Still, the single most important sentence in their 'discussion' section is the first one, which will too often be overlooked:

"The information contained in this 85-s film is scant and must be interpreted with caution."

Indeed it is. We are faced again with a whopping sample size of ONE (without a lot of contextual information), and attempts to draw broad generalizations from it. This would never be done in a study of human behavior, but is (egregiously) done too often with abandon in animal and field studies. Any conclusions reached pertain to a single bird in a specific context during a 2-minute point of time in its life... perhaps they apply more broadly... but it is difficult to know.
And I'm all for drawing any conclusions that can be reached ABOUT THIS INDIVIDUAL BIRD, but less confident of how directly such conclusions may apply to Ivory-bills. (Indeed, it's the same complaint I've long voiced for Tanner's observations of a half-dozen birds in a single locale being turned into conclusions that were then applied to all Ivory-bills everywhere.)
The main point Cornell seems to wish to make is that it is POSSIBLE for a bird as large as the Imperial (and by implication the IBWO) to maintain a certain high flap-rate never achieved by Pileateds on available film (...ASSUMING you accept Cornell's analysis, and assuming the full range for Pileateds have already been captured and reviewed on tape accurately). And so it goes....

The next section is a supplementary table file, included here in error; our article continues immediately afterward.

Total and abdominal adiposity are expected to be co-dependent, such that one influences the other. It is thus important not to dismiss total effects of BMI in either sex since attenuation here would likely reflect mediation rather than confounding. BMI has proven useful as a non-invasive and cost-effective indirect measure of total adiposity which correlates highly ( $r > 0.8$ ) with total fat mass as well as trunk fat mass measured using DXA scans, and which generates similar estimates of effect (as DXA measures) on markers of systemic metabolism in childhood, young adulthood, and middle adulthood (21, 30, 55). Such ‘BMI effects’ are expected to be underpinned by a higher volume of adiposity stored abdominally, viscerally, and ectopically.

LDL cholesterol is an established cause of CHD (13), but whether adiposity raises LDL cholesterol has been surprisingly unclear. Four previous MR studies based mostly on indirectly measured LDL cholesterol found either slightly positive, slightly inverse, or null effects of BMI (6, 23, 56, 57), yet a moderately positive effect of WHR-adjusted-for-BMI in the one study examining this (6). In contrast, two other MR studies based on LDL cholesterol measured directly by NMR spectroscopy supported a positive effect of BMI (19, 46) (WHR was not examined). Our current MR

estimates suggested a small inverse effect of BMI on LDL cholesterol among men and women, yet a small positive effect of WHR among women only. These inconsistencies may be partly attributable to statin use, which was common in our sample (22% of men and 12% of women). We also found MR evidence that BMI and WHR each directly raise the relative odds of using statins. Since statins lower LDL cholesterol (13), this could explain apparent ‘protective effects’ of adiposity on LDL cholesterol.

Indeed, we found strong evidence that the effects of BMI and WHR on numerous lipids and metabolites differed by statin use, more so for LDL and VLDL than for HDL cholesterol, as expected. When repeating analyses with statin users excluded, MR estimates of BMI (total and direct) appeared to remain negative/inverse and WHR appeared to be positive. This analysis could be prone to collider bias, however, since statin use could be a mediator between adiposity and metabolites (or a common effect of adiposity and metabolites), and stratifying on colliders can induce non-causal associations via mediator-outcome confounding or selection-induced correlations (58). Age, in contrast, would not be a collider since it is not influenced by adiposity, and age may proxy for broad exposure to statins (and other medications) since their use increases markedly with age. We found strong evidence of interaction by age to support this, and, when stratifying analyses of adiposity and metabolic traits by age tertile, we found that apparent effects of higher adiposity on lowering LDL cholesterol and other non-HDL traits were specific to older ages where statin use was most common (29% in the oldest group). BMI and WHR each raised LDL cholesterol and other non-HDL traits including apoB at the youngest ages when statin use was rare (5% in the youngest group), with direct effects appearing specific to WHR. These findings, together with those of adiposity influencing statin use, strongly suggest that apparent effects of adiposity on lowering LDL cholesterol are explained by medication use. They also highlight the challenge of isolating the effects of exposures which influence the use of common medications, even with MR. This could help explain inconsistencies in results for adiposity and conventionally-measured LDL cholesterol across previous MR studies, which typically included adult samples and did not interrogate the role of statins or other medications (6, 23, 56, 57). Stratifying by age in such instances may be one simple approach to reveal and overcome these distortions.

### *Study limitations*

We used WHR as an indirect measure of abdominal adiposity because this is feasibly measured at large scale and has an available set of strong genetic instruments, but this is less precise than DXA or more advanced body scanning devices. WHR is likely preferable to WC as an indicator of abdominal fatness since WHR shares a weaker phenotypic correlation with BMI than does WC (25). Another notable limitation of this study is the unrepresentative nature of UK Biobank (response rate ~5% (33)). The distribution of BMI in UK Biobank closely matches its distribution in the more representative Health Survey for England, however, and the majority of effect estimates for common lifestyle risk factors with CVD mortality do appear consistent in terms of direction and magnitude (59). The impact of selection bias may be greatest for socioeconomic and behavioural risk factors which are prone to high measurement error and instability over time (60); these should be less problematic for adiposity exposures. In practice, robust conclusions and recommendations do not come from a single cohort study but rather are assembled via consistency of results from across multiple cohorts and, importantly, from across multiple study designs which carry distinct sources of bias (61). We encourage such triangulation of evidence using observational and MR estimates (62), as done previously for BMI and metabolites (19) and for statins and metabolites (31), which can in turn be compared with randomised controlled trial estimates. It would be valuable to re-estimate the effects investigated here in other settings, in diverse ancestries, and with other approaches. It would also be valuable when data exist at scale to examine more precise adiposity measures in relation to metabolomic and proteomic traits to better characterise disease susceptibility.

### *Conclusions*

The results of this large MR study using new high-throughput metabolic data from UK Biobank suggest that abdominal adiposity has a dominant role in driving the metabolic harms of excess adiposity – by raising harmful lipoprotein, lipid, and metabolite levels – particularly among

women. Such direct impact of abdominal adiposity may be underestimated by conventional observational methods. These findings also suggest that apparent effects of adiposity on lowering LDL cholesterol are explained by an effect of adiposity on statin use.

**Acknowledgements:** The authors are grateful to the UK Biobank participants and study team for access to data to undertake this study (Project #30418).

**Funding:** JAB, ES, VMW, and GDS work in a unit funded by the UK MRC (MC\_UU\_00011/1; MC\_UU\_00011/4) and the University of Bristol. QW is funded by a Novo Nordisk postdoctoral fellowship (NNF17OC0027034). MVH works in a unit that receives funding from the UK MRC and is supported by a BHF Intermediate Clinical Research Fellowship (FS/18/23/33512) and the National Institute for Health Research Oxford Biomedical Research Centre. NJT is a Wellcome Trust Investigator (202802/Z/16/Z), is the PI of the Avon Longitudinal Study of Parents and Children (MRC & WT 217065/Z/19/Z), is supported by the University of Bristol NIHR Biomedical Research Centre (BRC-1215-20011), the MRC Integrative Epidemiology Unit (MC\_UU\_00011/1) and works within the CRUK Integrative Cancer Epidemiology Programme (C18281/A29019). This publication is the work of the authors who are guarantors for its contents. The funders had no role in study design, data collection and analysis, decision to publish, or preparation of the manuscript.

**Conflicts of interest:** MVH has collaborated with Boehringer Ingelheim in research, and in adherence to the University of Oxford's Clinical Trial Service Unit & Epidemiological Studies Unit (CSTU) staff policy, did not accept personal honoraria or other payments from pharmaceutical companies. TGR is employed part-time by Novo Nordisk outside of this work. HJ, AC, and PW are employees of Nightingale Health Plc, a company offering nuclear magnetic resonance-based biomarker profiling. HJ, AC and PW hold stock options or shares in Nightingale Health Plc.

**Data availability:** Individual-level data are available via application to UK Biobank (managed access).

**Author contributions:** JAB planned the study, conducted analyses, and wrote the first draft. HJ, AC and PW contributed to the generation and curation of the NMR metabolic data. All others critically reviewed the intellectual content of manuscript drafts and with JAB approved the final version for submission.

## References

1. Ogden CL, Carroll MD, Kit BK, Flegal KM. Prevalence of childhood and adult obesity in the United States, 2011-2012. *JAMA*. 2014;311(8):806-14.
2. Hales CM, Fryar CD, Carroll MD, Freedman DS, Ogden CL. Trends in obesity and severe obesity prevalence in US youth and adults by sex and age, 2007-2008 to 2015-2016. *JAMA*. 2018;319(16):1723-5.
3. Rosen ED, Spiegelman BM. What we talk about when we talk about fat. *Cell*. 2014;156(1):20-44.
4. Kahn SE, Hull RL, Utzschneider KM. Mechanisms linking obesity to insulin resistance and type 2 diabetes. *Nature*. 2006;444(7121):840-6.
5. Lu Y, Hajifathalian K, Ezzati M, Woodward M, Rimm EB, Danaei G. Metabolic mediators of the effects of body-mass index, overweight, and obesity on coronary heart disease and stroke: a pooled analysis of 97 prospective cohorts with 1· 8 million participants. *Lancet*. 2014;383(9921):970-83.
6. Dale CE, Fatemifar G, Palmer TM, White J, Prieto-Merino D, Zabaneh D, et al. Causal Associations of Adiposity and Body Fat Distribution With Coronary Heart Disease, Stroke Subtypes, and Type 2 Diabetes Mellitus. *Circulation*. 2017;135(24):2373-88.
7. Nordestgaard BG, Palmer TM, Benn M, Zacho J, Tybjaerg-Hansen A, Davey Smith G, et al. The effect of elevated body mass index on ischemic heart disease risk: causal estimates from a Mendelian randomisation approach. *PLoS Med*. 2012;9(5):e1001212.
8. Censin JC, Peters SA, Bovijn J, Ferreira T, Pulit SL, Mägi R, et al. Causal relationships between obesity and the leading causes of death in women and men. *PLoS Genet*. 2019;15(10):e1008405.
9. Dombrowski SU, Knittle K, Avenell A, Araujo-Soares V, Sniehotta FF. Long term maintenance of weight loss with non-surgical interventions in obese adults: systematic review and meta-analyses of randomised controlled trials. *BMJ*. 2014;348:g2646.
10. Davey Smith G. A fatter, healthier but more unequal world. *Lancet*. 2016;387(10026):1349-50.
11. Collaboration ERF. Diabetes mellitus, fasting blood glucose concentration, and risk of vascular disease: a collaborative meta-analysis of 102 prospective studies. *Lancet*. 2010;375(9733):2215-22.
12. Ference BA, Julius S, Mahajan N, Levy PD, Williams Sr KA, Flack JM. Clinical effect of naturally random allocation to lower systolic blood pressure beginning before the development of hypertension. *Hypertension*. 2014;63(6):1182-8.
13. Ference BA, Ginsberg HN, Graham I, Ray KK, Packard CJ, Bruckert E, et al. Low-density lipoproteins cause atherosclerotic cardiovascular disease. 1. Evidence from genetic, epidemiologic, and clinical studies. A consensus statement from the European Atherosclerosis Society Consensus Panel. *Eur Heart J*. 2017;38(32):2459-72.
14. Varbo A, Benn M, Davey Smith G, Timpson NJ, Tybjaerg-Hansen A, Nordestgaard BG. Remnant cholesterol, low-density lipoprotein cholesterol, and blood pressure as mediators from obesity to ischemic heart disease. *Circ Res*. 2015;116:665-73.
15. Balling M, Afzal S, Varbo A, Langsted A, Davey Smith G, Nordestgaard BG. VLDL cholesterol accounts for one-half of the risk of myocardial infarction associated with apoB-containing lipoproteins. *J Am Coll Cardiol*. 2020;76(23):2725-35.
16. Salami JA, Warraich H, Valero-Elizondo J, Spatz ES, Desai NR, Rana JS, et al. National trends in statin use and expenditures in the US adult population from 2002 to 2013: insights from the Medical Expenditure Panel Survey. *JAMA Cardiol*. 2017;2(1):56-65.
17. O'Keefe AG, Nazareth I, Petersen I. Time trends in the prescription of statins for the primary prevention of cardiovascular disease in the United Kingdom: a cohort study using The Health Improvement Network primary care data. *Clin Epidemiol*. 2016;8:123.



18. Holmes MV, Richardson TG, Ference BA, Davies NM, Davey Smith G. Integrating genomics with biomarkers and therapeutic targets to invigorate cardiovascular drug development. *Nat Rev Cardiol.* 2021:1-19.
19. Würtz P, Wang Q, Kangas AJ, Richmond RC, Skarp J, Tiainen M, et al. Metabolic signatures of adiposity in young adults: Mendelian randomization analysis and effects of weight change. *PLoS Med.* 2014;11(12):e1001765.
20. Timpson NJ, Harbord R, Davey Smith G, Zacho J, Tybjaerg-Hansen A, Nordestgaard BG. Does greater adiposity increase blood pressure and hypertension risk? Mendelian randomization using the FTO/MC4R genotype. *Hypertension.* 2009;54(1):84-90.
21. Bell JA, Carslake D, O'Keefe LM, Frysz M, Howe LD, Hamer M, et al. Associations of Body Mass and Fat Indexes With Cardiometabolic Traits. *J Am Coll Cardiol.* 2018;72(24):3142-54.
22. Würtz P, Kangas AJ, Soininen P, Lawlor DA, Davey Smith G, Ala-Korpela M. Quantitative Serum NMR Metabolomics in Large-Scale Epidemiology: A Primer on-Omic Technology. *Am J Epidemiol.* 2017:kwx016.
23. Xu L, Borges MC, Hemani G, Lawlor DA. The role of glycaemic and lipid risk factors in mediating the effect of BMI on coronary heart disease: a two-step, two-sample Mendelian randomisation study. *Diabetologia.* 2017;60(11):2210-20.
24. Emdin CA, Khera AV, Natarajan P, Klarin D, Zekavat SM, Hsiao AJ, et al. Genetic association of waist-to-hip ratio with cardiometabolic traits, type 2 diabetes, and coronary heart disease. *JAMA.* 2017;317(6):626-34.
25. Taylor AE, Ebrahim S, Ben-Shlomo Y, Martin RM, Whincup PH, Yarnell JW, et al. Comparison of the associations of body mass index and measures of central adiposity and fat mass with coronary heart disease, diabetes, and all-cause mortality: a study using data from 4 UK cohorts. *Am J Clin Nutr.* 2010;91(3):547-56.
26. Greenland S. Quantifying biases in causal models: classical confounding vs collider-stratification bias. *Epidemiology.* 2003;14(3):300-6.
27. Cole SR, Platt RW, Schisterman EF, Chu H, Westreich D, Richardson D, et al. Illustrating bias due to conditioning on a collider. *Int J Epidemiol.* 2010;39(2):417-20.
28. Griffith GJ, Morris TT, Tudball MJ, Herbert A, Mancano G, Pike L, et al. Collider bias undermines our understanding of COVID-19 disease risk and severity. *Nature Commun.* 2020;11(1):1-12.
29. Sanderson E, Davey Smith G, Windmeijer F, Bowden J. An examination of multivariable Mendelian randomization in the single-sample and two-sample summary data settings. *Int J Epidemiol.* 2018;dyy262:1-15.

This film, held for an almost unseemly long time by Cornell (since 2006, through the end of the official IBWO search), has been restored, digitized, analyzed by their own people... who now, not too surprisingly, publish conclusions helpful to their cause (would they have even published the results if it were otherwise?) -- and I say that only because cynical sorts will wonder what exactly the lab folks were doing with that film for 5 years before acquiring results to their liking. The entire IBWO debate is polluted enough that skeptics may not take Cornell's conclusions or calculations at face value, unless the raw footage is independently analyzed by impartial third parties (...or else if skeptics themselves analyze it and reach the identical conclusions) -- unfortunately, neither Cornell, nor their critics, nor anyone else with a stake in the debate, are assumed to be objective, unbiased sources of analysis or review anymore, especially given a tendency to cherry-pick data to suit one's purposes. Cornell writes that they have 'allowed for possible inaccuracies in the framespeed of the film'... so, we have their word on that; might have been nice if they had brought in 1 or 2 of their serious critics to collaborate and concur on the analysis. (The internet has spurred a fair amount of such collaboration in math, physics, and even biology these days; in ornithology though, maybe not-so-much.)

Apart from the IBWO debate though, I'm certainly grateful for Cornell's eventual public release of this incredible ornithological relic and the story that goes along with it. For all birders it is a treasure!!
Maybe they'll even release a final summary of the IBWO search as promised before year's end, and in time for this winter's searchers to make use of it....